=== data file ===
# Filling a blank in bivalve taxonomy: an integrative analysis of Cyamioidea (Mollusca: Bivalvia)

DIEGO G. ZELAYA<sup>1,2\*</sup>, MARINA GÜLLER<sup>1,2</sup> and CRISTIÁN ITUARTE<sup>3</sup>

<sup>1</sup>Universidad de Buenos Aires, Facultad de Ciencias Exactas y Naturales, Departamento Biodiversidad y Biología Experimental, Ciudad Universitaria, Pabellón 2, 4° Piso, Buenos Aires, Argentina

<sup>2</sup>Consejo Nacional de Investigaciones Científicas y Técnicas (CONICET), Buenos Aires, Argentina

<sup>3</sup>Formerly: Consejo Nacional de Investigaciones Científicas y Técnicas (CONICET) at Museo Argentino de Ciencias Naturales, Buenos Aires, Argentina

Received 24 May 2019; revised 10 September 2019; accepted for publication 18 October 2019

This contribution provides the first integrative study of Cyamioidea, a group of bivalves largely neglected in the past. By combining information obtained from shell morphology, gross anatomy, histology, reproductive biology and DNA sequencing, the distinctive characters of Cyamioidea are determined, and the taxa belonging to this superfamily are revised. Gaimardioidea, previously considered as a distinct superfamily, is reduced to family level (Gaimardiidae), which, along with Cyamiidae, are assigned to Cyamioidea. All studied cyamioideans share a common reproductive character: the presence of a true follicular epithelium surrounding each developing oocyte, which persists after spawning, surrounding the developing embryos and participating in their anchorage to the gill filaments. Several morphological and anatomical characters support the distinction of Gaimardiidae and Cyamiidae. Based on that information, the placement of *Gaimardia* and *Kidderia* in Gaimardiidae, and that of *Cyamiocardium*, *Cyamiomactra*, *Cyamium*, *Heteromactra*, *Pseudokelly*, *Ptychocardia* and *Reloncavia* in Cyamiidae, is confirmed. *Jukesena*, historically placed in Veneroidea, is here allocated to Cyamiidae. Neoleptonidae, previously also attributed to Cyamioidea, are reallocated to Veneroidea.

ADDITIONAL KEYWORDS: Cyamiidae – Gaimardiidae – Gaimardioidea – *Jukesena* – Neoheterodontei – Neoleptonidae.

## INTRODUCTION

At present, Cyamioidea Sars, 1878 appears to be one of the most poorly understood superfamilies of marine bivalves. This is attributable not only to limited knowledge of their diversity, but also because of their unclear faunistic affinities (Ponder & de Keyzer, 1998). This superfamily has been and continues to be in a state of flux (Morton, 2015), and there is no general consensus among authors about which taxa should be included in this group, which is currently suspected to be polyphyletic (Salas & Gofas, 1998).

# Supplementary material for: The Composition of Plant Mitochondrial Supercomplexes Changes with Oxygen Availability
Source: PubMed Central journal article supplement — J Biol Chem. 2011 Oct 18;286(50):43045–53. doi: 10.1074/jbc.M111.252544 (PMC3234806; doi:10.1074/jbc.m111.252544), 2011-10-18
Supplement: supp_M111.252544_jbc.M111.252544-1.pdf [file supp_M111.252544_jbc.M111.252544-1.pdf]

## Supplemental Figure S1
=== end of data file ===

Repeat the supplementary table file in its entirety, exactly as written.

# Filling a blank in bivalve taxonomy: an integrative analysis of Cyamioidea (Mollusca: Bivalvia)

DIEGO G. ZELAYA<sup>1,2\*</sup>, MARINA GÜLLER<sup>1,2</sup> and CRISTIÁN ITUARTE<sup>3</sup>

<sup>1</sup>Universidad de Buenos Aires, Facultad de Ciencias Exactas y Naturales, Departamento Biodiversidad y Biología Experimental, Ciudad Universitaria, Pabellón 2, 4° Piso, Buenos Aires, Argentina

<sup>2</sup>Consejo Nacional de Investigaciones Científicas y Técnicas (CONICET), Buenos Aires, Argentina

<sup>3</sup>Formerly: Consejo Nacional de Investigaciones Científicas y Técnicas (CONICET) at Museo Argentino de Ciencias Naturales, Buenos Aires, Argentina

Received 24 May 2019; revised 10 September 2019; accepted for publication 18 October 2019

This contribution provides the first integrative study of Cyamioidea, a group of bivalves largely neglected in the past. By combining information obtained from shell morphology, gross anatomy, histology, reproductive biology and DNA sequencing, the distinctive characters of Cyamioidea are determined, and the taxa belonging to this superfamily are revised. Gaimardioidea, previously considered as a distinct superfamily, is reduced to family level (Gaimardiidae), which, along with Cyamiidae, are assigned to Cyamioidea. All studied cyamioideans share a common reproductive character: the presence of a true follicular epithelium surrounding each developing oocyte, which persists after spawning, surrounding the developing embryos and participating in their anchorage to the gill filaments. Several morphological and anatomical characters support the distinction of Gaimardiidae and Cyamiidae. Based on that information, the placement of *Gaimardia* and *Kidderia* in Gaimardiidae, and that of *Cyamiocardium*, *Cyamiomactra*, *Cyamium*, *Heteromactra*, *Pseudokelly*, *Ptychocardia* and *Reloncavia* in Cyamiidae, is confirmed. *Jukesena*, historically placed in Veneroidea, is here allocated to Cyamiidae. Neoleptonidae, previously also attributed to Cyamioidea, are reallocated to Veneroidea.

ADDITIONAL KEYWORDS: Cyamiidae – Gaimardiidae – Gaimardioidea – *Jukesena* – Neoheterodontei – Neoleptonidae.

## INTRODUCTION

At present, Cyamioidea Sars, 1878 appears to be one of the most poorly understood superfamilies of marine bivalves. This is attributable not only to limited knowledge of their diversity, but also because of their unclear faunistic affinities (Ponder & de Keyzer, 1998). This superfamily has been and continues to be in a state of flux (Morton, 2015), and there is no general consensus among authors about which taxa should be included in this group, which is currently suspected to be polyphyletic (Salas & Gofas, 1998).

# Supplementary material for: The Composition of Plant Mitochondrial Supercomplexes Changes with Oxygen Availability
Source: PubMed Central journal article supplement — J Biol Chem. 2011 Oct 18;286(50):43045–53. doi: 10.1074/jbc.M111.252544 (PMC3234806; doi:10.1074/jbc.m111.252544), 2011-10-18
Supplement: supp_M111.252544_jbc.M111.252544-1.pdf [file supp_M111.252544_jbc.M111.252544-1.pdf]

## Supplemental Figure S1